While the Royal College has a streamlined process for trained specialists coming from select Commonwealth and other western countries, Stewart would still be forced to sit for an exam — a test that requires at least 20 to 30 hours of study per week for a year.

Stewart said she can’t juggle that with her obligations as a doctor and as a parent to two young girls.

“It’s really not something I’m interested in doing again. I’ve been there and I’ve done that,” she told CBC News.

She’d also be out $8,000 — there’s a fee to assess her “exam eligibility” and a separate fee for the exam itself. The test can’t be done remotely — she’d have to come to Canada.

“I could pick up the phone tomorrow and ring the U.K. or New Zealand and I’d be able to apply for a job there without restrictions. It doesn’t make sense to me why I couldn’t do the same with Canada,” she said.

“I’ve practised and worked and learned in a Western, English-speaking country with similar cultures and values. People coming from countries like New Zealand, Australia, the U.K., they have the capacity to integrate into the Canadian system as good workers, easily.”

Her Australian husband, Dr. Chamath De Silva, was willing to move to Canada — but he also found the process daunting, time-consuming and expensive.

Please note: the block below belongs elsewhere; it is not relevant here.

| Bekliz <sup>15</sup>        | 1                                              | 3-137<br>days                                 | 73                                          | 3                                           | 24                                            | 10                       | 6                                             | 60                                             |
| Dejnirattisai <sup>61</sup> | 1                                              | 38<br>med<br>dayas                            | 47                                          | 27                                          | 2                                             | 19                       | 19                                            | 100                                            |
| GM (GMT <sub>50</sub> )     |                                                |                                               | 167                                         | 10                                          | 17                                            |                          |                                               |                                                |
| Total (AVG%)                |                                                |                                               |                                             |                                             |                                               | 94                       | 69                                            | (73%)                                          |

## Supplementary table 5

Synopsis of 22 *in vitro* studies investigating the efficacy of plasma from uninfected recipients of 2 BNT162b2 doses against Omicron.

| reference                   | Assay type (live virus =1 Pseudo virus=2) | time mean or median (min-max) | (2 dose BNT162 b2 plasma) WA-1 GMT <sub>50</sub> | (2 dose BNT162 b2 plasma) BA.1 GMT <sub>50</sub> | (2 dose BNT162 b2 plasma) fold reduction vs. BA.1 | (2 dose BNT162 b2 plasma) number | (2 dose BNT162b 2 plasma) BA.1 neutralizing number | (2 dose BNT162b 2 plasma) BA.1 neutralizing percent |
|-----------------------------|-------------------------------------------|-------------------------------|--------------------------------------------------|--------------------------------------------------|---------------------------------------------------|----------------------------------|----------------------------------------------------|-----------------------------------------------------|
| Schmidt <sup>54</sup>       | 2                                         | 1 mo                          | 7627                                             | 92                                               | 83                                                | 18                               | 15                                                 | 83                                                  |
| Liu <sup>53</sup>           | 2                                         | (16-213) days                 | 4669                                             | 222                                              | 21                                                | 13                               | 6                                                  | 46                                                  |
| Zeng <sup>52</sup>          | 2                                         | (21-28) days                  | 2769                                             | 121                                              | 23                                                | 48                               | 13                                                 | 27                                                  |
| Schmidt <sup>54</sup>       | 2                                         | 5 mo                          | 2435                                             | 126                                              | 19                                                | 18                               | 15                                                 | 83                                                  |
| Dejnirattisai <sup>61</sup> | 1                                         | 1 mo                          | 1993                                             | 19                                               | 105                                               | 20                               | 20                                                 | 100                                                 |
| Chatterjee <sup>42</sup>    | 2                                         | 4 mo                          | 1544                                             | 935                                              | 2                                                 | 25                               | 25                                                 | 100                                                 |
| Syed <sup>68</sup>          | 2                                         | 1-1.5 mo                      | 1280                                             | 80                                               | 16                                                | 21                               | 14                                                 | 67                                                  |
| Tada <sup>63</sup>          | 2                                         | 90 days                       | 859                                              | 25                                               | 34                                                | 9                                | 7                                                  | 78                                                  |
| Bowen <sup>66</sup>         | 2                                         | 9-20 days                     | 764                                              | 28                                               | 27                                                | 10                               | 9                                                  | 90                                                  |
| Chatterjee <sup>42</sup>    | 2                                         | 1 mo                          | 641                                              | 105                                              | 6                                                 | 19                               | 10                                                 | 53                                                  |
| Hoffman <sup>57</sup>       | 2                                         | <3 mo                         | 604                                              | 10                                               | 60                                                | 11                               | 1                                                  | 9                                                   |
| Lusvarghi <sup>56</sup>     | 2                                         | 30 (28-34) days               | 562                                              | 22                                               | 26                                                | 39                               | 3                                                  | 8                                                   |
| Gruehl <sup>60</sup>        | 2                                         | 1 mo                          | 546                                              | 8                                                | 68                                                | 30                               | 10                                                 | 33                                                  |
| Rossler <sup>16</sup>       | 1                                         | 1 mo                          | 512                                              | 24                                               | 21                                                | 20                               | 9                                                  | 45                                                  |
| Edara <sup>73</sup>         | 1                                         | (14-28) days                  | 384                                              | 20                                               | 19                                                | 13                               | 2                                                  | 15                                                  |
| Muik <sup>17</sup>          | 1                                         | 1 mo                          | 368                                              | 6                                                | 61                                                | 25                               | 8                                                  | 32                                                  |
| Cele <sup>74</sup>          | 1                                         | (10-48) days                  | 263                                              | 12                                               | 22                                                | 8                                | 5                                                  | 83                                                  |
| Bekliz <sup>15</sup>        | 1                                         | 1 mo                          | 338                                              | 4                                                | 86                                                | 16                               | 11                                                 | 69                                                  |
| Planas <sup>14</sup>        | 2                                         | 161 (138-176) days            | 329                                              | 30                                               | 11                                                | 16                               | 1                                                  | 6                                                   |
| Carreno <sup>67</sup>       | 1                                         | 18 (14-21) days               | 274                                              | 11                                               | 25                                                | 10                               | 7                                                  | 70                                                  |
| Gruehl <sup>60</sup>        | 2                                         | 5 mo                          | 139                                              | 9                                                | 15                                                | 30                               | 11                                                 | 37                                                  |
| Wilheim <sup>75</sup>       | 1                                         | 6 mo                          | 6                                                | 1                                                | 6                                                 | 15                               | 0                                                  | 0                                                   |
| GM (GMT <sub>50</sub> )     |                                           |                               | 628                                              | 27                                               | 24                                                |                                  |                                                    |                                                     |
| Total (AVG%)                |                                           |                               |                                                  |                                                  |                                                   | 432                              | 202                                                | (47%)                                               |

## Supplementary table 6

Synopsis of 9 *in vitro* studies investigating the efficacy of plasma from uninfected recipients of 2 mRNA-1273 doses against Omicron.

It’s a shame, Stewart said, because the Niagara region desperately needs anesthesiologists like De Silva. Last month, a hospital in Welland, Ont. had to cancel surgeries because there wasn’t one available.

With Canada experiencing such an acute shortage of doctors, Stewart said the roadblocks thrown up by provinces and regulatory bodies are puzzling.

“The country should be grateful that these Canadians are willing to come back and be completely overworked and underpaid,” she said. “And you didn’t even have to pay to educate them.”


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They were turned away at the Canadian border. Now what? –



Toddlers ran through aisles filled with snacks and candies. Adults slumped in chairs. Multiple cellphones were plugged into a single wall socket. Backpacks and suitcases were scattered among the two rows of tables in a corner of this small-town bus stop and gas station. 

After they were turned away at the Canadian border and spent three days in detention, the roughly 15 asylum seekers at the Mountain Mart No. 109 in the town of Plattsburgh, N.Y., south of Montreal, on Tuesday afternoon were trying to figure out what to do.